things to make you polite and graceful. 
Indeed, politeness is one of the sub- 
jects most studied by both boys and 
girls in Japan. They are even taught 
that to tell a lie is not so bad as to 
be impolite. — Our Juniors in Japan. 

There are 800 millions of heathen in 
the world. This does not convey very 
much to our minds, does it? But let us I 
try to understand a little what these 
figures mean. Suppose only one million 
of people were to walk past you in 
single file at the rate of one a second, 
and suppose they went on day and night 
without a pause, eleven and a half days 
would have elapsed before the last one 
passed by, and if all the 800 millions j 
could pass by, twenty-five years would 
have come and gone ere the long, long 
line came to an end. And these millions 
of people are passing on into eternity, 
thousands every day, without ever hav- 
bed is cleft and the pyre fired from both 
one has ever told them. — Sel. 

* * * 

Two portions of Holy Scripture have 
recently issued from the press in Berlin, 
at the cost of the British and Foreign 
Bible Society. The one is the Book ol 
Genesis in Tibetan. It has long ex- 
isted and been disseminated far and 
wide in a lithographed form, but has] 
now been printed under the supervision 
of Mr. Heyde. The other bears the title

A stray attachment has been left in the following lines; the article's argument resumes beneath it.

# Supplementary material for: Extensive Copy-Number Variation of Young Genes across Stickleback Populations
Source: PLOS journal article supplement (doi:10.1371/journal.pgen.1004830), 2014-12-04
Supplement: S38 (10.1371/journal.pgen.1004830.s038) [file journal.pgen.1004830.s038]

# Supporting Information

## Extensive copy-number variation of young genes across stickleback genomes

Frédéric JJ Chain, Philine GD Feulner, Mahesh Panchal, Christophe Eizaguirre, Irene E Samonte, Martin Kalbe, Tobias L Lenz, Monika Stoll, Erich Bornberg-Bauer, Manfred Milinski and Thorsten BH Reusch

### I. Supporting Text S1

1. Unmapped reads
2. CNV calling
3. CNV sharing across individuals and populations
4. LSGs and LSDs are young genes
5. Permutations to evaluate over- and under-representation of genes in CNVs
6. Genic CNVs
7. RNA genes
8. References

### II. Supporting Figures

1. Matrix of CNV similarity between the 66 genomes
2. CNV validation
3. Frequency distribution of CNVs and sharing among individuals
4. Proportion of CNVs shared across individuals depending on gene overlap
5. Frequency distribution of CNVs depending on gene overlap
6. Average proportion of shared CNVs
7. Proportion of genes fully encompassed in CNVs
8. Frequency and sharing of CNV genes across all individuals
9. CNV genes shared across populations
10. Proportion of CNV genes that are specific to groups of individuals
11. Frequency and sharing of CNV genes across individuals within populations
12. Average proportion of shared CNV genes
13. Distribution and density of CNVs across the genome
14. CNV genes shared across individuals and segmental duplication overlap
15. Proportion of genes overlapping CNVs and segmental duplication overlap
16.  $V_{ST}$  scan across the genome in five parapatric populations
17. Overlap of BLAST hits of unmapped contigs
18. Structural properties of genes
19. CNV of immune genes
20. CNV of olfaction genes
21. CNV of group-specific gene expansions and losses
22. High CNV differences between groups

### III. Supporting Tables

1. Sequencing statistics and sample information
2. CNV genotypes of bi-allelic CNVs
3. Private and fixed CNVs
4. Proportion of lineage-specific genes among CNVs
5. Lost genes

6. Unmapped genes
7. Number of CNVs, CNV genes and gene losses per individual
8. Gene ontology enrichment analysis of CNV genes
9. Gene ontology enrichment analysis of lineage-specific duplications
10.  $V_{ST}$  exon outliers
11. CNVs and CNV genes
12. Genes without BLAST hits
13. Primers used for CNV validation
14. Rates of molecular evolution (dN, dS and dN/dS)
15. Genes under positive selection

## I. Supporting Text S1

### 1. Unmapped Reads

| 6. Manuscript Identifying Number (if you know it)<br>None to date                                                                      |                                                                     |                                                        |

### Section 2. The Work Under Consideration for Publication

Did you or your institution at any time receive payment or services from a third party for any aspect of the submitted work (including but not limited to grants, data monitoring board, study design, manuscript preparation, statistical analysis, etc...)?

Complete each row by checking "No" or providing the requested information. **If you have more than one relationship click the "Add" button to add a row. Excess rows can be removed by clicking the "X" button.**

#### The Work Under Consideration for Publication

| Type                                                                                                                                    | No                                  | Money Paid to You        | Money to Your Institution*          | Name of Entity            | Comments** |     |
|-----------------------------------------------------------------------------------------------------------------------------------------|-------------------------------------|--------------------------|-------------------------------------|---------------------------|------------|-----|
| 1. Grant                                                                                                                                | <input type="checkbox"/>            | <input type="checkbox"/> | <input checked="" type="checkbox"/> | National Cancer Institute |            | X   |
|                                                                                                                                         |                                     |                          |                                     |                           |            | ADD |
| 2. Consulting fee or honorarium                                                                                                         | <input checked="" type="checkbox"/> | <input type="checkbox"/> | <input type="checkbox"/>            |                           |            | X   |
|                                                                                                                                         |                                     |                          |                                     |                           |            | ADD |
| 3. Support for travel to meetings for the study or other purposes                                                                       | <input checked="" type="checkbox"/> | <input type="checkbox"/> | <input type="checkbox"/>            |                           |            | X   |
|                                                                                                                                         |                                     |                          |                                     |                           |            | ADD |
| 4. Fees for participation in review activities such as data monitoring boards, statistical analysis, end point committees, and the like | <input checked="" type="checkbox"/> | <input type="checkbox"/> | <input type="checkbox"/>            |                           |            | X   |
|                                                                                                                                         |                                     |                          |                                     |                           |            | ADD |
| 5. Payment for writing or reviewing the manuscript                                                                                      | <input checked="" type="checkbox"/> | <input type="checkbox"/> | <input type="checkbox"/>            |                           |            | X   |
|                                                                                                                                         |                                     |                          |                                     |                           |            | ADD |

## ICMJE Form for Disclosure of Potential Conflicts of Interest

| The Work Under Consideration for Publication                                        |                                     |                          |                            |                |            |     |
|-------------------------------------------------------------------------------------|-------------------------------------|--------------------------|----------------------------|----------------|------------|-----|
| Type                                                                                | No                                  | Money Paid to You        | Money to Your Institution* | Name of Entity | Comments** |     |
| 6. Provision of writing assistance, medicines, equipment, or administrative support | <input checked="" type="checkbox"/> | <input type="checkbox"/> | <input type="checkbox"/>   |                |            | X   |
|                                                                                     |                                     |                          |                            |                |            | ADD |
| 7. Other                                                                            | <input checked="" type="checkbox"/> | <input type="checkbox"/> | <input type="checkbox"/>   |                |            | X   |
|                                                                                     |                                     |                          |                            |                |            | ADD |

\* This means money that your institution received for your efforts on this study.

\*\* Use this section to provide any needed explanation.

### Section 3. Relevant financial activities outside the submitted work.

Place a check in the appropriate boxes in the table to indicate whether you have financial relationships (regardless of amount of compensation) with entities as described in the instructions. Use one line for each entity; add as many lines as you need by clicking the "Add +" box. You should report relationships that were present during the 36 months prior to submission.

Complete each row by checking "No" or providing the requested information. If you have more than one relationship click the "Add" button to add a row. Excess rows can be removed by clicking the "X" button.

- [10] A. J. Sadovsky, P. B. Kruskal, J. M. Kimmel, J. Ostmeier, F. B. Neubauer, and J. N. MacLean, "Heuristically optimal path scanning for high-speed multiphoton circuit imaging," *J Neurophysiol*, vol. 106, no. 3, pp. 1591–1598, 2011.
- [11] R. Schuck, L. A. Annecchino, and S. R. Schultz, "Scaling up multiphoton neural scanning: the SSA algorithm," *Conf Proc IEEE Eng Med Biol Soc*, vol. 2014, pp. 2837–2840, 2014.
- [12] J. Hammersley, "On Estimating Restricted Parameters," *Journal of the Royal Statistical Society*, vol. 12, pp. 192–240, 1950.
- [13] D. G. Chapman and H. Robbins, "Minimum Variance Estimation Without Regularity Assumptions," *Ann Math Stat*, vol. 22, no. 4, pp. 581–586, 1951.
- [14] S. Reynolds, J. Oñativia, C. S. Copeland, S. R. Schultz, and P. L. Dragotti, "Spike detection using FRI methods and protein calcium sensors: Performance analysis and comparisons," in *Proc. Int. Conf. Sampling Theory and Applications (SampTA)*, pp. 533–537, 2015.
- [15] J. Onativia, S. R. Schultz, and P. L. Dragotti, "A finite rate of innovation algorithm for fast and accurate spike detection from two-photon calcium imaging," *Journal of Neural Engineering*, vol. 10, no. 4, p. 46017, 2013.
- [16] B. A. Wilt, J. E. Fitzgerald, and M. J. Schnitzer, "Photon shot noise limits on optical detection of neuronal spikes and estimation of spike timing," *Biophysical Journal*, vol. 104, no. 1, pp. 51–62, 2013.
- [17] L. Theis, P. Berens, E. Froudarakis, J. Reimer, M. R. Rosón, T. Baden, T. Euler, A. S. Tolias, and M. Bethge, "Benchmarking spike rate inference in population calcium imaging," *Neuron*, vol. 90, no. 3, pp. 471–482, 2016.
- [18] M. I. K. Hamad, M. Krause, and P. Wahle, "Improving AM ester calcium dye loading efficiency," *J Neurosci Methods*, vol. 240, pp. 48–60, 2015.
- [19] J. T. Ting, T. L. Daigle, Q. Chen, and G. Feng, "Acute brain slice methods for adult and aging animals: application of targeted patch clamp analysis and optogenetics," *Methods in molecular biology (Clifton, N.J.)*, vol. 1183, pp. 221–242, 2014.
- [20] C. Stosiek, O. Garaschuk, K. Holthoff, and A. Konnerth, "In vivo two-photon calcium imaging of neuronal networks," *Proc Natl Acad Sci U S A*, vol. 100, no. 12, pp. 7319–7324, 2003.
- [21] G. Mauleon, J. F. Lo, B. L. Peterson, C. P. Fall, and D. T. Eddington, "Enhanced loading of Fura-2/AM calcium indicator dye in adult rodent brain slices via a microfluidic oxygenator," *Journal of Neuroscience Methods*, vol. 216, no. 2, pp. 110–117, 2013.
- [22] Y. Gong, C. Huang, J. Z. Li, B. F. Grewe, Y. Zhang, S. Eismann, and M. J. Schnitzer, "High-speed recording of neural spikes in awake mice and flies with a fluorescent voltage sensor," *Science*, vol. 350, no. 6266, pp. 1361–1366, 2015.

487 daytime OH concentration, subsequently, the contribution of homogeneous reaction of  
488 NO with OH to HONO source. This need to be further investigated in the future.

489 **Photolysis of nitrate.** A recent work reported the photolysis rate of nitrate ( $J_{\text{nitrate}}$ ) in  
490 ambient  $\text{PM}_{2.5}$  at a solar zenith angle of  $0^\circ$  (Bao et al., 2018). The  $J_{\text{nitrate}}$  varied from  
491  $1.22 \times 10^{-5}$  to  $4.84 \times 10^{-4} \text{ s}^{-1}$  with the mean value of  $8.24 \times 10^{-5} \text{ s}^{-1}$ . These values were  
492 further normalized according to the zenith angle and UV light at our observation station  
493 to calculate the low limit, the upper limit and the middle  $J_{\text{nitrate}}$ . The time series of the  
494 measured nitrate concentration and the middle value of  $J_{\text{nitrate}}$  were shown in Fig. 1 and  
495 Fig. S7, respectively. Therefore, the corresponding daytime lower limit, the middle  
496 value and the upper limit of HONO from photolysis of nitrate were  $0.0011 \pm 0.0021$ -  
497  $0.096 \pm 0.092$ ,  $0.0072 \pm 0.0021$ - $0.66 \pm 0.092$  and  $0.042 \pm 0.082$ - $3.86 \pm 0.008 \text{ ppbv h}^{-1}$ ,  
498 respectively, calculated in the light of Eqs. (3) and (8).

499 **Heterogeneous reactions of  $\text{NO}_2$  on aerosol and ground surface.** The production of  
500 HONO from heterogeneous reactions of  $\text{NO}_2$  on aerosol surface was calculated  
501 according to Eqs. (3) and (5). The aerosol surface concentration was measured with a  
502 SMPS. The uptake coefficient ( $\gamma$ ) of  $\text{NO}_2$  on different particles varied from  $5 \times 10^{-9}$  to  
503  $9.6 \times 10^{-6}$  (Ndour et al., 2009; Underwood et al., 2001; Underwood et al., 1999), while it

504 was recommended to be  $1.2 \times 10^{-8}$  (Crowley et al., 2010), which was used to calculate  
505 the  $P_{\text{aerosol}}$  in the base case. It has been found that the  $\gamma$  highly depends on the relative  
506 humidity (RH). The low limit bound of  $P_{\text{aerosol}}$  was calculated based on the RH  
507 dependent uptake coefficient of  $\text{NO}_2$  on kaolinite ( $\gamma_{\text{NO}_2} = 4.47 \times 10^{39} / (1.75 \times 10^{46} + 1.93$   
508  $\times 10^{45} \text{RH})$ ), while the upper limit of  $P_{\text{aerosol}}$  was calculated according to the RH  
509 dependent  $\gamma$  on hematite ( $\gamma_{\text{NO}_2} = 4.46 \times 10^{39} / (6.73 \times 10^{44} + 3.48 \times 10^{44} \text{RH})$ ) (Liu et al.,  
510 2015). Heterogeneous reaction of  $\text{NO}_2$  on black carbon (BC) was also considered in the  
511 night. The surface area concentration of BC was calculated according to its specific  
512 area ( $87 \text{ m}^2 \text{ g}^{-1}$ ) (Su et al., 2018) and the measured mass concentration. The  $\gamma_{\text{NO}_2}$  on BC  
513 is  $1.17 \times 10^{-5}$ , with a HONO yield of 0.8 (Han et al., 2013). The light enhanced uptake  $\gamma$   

"Ilvangeli Lya ku Matayi. Xinyika— 
Berlini, 1904." Many of our readers will 
have a shrewd guess that the thin volume 
with this title must be the Gospel 
(Evangel) according to Matthew. So it 
is, in the Nyika language. The Bible 
Society has long printed portions in a 
Nyika language, so this is to be known 
as Nyasa Nyika, to distinguish it from 
Ribe Nyika. A note in the editorial re- 
port of the Society for 1904 describes it 
as "an edition of 1,000 copies of St, 
Matthew, translated by Herr Kootz, a 
Moravian missionary. Nyika is said to 
mean ' wilderness.' The people for 
whom this translation is made live about 
midway between the northern extremity 
of Lake Nyasa and the southern ex- 
tremity of Lake Tanganyika. Those for 
whom St. Matthew was translated, by 
the late Rev. T. Wakefield, were a tribe 
living around Kilimanjaro." 



There was a time when I had no care 
or concern for the heathen; that was 
when I had none for my own soul. 
When, by the grace of God, I was led to 
care for my own soul, I began to care 
for them. In my closet I said, " O Lord, 
silver and gold have I none. What I 
have I give; I offer Thee myself! Wilt